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at 9km (E)
Bizariano (GR: Μπιτζαριανό) is a traditional small village of about 24 inhabitants in the area of Kasteli Pediada, 320 m above sea level and about 3 km to the north of Kasteli on the road to Hersonissos.
A pretty village with stone houses, graphic lanes and courtyards covered in flowers.
It is first mentioned in 1881, as Bizariano, Municipality of Kasteli, with 55 Christian inhabitants. In 1951, it changes its name to Pigi. Its first name is that of a family, Bizariano. Close to the village, in a beautiful spot full of lush vegetation, evergreen plane trees and gushing water, stands the ancient church of Agios Pandeleimonas, with its three naves.
Two rows of arches supported by columns without capitals separate the naves. Another column is made exclusively of capitals, apparently brought in from other churches or temples. Practically all the middle outside wall is decorated with inscriptions, Byzantine reliefs and crosses.
Agios Panteleimon (External)
Agios Panteleimon (External)
Agios Panteleimon (interior)
The artistic highlight of the church of Saint Panteleimon are its fresco scenes painted on the walls which are among the oldest in Crete, although very few frescoes remain. In the lower section of the arch, there is the representation of the three Hierarchs, shown on full length, with vertical inscriptions on it. On the two side walls there are the representations of Saints in a colossal size. These scenes were designed to be a source of biblical education to the faithful, who would have been illiterate at that time.
Minoan Megaron at Vathypetro
at 9.1km (W)
The Minoan villa at Vathypetro was most likely the residence of a local ruler. Its architecture is comparable to that of a "Little Palace": it has a central and west court, a small tripartite shrine, a three-columned portico, storerooms and workshops. It seems that the construction of the building was never completed. Interesting elements of its architecture are the installations of a wine-press in the south wing and an oil-press in the courtyard.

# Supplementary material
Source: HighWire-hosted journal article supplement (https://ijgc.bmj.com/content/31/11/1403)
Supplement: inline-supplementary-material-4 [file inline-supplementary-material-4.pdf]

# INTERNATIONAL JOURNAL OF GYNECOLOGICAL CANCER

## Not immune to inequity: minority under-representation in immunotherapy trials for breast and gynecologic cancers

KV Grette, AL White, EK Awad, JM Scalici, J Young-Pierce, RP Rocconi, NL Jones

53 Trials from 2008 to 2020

at 9.1km (E)
Diavaide (GR: Διαβαϊδέ) has 120 inhabitants and lies very near to Kasteli (700m to the SE) at 355m above sea level.
The earliest reference to the name is found in the Ducal Archives at Chandax in 1378. Another document in the same archives mentions a certain G. Dochiano, inhabitant of Diavaide.
In an inscription, found in the Byzantine church of Agios Georgios Sfakiotis, the name of the village is clearly mentioned, indicating that Diavaide existed well before the Turkish occupation. In that church there is a unique fresco of Byzantine art that represents Saint George and Saint Demeter passing through the sea on their horses, while at their feet lie various sea creatures; crabs, lobsters, and other fish, a strange phenomenon indeed, considering that the village is so far away from the sea. There is also the church of Agios Nikolaos in the village dated to the same period.
The village took part in all the main fights by Crete against the enemies of its freedom, while during German occupation the high college of Kastelli continued to operate in Diavaide houses.
The cultural association of the village, one of the first in this area, strives to maintain the cultural traditions and the continuity of village history through the years.
at 9.5km (NE)
At a height of 140m. above sea-level, this village has 142 inhabitants and is 22.5 kms away from Iraklion. According to the villagers, the name comes from the church of Aghios Nikolaos Skotino at the entrance of a cave. It was built at the end of the Venetian period. Today an extra wing has been added, dedicated to Aghios Charalambos. This church of Aghios Nikolaos Skotino presumably functioned as a "Hedge School" (or "Hidden School") under Turkish rule when education had been banned. When the locals said: "We are going to Skotino (which also means "darkness")", they meant they were going to school.
Turkish administration refers to this place as Skotino Perasma in 1671.
Very close to the village (1.5 km) the cave of Aghia Paraskevi draws crowds of tourists and is well worth a visit.
Agia Paraskevi Cave
at 9.7km (NE)